Charles P. Kindleberger would admit, half a century after 1929, “in these circumstances, the international economic and monetary system needs leadership, a country which is prepared, consciously or unconsciously, under some system of rules that it has internalized, to set standards of conduct for other countries; and to seek to get others to follow them, to take on an undue share of the burdens of the system, and in particular to take on its support in adversity by accepting its redundant commodities, maintaining a flow of investment capital and discounting its paper” [10]. Thus, Germany is today the locomotive, and Greece, Spain and others are the astray carriages in a race against the so-called ‘BRICS’ in order not to sink.


  1. http://www.washingtonpost.com/blogs/ezra-klein/post/wonkbook-the-economic-crisis-has-become-a-political- crisis/2011/09/06/gIQA3SaK6J_blog.html (04/05/2012)
  2. Furió, Diego, La primera gran depresión europea, elpais.com/negocios (10/01/2012)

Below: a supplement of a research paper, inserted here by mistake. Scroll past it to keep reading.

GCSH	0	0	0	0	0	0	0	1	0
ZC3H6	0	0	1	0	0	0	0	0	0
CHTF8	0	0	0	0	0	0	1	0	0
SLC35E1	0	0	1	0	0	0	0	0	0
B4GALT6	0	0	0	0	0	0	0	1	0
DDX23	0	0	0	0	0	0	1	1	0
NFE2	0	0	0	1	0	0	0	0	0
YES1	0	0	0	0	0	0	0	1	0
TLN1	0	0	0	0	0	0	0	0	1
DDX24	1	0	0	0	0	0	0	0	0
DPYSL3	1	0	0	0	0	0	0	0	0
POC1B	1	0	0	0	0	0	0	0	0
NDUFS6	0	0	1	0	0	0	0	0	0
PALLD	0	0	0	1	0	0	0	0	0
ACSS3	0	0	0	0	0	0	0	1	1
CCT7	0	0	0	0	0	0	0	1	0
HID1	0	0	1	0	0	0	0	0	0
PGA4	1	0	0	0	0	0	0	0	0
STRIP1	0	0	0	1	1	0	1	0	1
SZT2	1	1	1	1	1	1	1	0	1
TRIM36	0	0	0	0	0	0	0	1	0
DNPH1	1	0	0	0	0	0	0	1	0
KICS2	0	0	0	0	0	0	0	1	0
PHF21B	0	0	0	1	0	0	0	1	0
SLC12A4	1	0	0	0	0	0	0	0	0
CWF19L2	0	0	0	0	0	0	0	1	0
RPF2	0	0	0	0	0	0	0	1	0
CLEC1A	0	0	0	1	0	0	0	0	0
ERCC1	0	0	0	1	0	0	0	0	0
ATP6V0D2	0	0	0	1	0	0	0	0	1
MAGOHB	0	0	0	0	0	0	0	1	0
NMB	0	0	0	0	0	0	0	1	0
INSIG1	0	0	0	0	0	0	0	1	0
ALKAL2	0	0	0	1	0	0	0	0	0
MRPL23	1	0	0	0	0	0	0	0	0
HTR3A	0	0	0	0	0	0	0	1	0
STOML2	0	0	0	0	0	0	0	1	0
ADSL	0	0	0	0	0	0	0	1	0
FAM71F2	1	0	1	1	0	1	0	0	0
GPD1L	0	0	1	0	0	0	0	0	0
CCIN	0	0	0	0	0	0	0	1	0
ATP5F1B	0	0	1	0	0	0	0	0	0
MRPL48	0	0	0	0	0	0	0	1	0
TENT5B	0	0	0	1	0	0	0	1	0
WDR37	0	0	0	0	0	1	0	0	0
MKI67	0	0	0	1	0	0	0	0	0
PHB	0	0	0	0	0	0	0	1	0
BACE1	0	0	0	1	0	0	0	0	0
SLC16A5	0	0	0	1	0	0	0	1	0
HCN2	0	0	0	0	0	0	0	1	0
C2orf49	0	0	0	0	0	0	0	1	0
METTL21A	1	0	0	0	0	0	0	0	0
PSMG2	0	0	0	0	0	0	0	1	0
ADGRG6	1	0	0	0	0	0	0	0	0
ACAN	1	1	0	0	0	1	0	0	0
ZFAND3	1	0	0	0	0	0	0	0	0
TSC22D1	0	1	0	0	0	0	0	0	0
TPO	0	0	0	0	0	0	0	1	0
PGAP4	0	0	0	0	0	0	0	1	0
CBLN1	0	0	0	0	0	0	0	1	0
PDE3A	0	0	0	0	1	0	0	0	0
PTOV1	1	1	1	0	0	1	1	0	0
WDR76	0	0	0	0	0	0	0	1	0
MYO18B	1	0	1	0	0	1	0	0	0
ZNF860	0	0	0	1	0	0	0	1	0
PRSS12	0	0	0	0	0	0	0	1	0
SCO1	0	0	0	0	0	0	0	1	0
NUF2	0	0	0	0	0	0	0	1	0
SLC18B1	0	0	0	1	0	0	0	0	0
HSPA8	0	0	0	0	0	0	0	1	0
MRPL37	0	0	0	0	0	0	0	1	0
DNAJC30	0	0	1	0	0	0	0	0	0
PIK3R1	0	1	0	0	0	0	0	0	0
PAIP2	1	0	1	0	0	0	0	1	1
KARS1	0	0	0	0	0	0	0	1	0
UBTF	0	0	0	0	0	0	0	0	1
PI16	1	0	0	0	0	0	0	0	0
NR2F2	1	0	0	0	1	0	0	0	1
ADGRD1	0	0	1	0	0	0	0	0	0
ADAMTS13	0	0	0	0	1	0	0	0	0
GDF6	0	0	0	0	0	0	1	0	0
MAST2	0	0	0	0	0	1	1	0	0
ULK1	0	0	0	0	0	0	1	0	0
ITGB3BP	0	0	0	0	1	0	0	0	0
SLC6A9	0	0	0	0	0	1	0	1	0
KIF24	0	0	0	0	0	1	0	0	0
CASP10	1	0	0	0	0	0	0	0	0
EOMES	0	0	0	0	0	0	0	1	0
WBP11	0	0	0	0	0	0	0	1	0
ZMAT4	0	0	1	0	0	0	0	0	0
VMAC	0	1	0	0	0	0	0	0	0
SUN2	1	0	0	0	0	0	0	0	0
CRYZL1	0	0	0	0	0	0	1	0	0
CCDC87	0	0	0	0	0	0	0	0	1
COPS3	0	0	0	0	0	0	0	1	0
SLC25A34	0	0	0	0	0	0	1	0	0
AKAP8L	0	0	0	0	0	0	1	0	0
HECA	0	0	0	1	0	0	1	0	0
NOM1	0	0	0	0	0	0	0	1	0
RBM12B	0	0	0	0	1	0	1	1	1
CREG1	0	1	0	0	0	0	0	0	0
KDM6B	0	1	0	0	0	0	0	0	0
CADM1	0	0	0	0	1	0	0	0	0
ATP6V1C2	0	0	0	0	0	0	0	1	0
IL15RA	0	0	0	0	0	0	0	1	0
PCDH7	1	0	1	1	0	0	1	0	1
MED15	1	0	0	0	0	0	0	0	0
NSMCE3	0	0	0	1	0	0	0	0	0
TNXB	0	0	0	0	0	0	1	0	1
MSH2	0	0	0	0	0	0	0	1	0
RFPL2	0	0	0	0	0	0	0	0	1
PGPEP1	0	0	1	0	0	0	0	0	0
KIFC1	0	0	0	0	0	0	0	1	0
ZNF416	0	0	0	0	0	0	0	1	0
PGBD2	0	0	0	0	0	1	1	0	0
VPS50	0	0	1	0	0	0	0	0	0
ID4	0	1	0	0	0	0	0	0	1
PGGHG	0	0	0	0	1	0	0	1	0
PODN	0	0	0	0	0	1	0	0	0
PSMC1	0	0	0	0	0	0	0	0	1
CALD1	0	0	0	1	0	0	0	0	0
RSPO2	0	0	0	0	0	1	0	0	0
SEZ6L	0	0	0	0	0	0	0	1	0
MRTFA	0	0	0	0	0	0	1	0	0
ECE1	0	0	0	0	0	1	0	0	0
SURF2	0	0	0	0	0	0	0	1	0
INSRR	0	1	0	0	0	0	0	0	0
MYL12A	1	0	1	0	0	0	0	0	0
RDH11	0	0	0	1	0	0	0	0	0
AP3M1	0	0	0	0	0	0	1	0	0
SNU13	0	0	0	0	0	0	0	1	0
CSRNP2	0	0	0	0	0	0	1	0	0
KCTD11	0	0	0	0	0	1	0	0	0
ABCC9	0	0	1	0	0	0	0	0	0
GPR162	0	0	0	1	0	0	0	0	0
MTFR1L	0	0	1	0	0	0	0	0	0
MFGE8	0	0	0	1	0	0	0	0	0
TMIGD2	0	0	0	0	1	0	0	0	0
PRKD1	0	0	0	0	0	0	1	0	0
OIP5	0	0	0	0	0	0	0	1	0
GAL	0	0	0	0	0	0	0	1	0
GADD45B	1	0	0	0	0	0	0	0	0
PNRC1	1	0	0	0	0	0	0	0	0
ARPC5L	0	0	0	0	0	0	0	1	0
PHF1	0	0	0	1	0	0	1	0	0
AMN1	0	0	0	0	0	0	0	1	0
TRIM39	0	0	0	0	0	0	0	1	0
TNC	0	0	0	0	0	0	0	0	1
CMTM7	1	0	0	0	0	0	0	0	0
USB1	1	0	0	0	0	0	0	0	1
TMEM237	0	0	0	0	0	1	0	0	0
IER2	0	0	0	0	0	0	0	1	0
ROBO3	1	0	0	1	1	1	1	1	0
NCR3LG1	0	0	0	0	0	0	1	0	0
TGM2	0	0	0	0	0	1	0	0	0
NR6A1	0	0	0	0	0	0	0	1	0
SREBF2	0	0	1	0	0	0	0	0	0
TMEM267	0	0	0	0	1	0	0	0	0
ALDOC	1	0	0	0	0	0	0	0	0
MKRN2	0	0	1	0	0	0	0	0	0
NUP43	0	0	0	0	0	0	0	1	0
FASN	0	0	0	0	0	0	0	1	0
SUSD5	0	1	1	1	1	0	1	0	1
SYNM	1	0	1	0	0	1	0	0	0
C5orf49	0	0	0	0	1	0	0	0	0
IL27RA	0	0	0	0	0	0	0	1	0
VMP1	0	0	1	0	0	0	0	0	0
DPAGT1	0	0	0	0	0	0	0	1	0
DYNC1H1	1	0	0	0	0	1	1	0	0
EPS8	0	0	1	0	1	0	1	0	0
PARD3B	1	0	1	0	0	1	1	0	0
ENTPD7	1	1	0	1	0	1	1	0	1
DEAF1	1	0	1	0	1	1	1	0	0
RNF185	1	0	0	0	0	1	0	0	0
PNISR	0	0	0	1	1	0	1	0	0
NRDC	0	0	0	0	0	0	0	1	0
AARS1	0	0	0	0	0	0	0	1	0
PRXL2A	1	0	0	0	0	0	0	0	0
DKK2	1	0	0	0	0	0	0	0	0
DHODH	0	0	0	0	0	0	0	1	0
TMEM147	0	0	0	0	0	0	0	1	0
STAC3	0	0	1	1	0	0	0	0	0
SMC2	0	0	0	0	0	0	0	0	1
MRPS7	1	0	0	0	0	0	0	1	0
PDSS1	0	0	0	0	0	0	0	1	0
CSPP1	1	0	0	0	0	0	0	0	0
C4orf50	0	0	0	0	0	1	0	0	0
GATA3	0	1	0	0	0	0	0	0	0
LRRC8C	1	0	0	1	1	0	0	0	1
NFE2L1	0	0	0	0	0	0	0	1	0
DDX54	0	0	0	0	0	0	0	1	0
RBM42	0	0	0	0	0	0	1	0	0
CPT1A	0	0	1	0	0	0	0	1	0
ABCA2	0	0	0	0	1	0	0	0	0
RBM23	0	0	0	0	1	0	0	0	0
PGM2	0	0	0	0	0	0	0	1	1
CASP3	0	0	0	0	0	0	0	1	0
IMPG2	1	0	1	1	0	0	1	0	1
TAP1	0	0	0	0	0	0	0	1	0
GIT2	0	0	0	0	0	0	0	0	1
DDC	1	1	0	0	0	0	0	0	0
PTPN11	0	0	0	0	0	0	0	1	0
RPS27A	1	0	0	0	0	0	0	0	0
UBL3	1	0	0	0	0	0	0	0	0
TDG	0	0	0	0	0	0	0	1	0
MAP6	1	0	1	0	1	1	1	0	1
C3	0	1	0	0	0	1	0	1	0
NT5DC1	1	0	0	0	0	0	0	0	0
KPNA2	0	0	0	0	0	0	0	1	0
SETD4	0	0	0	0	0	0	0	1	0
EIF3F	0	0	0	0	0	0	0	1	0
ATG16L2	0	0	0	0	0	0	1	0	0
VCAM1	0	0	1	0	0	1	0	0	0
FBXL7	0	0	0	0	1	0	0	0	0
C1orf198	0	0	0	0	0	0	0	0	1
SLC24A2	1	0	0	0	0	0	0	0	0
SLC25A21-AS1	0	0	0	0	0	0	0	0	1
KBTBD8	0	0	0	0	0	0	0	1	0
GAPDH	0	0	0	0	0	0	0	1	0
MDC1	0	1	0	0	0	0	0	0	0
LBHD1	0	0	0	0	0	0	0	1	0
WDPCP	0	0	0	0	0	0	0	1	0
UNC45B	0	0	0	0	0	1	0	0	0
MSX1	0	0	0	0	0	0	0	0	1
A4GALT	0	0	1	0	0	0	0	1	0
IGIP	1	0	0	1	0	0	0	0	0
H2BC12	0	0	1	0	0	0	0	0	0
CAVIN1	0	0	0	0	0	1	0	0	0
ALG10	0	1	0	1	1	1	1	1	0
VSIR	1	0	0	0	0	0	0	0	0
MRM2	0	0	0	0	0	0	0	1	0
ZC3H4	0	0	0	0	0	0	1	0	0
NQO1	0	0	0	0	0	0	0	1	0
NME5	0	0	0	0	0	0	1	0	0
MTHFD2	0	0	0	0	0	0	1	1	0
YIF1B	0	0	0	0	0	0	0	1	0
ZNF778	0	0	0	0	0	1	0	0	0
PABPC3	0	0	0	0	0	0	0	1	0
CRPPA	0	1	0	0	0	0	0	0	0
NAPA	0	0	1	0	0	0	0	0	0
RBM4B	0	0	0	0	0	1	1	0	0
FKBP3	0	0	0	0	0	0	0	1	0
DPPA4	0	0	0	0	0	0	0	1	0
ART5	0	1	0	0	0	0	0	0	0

3. Hull, Cordell, The Memoirs of Cordell Hull, 2 vols., Hodder & Stoughton, New York, 1948, I, p. 364 mentioned in Young J.W. and Kent J., International Relations Since 1945. A Global History, Oxford University Press, 2004, p.75
  4. Altman, R. C., The great crash, 2008. Foreign Affairs, 2009
  5. Nanto, D., The global financial crisis: Analysis and policy implications, Congressional Research Service, 2009
  6. Íbid. 4
  7. Nanto, D., The global financial crisis: Foreign and trade policy effects, Congressional Research Service, 2009. Retrieved on April 27, 2012 from http://www.fas.org/sgp/crs/misc/R40496.pdf
  8. This striking piece of news highlights this fact and makes our hair stand on end: http://internacional.elpais.com/internacional/2011/12/30/actualidad/1325272878_360030.html
  9. Countries have been largely deemed to have tried to get out of the Great Depression of 1930’s by worsening the others’ economic situation. This has been called the ‘beggar thy neighbor’. To know more about this: Rothermund, Dietmar, The Global impact of the Great Depression 1929–1939. Routledge, 1996
  10. Kindleberger, Charles P., The World in Depression 1929-1939, Chapter 1, University of California Press, Berkeley, 1973, page 28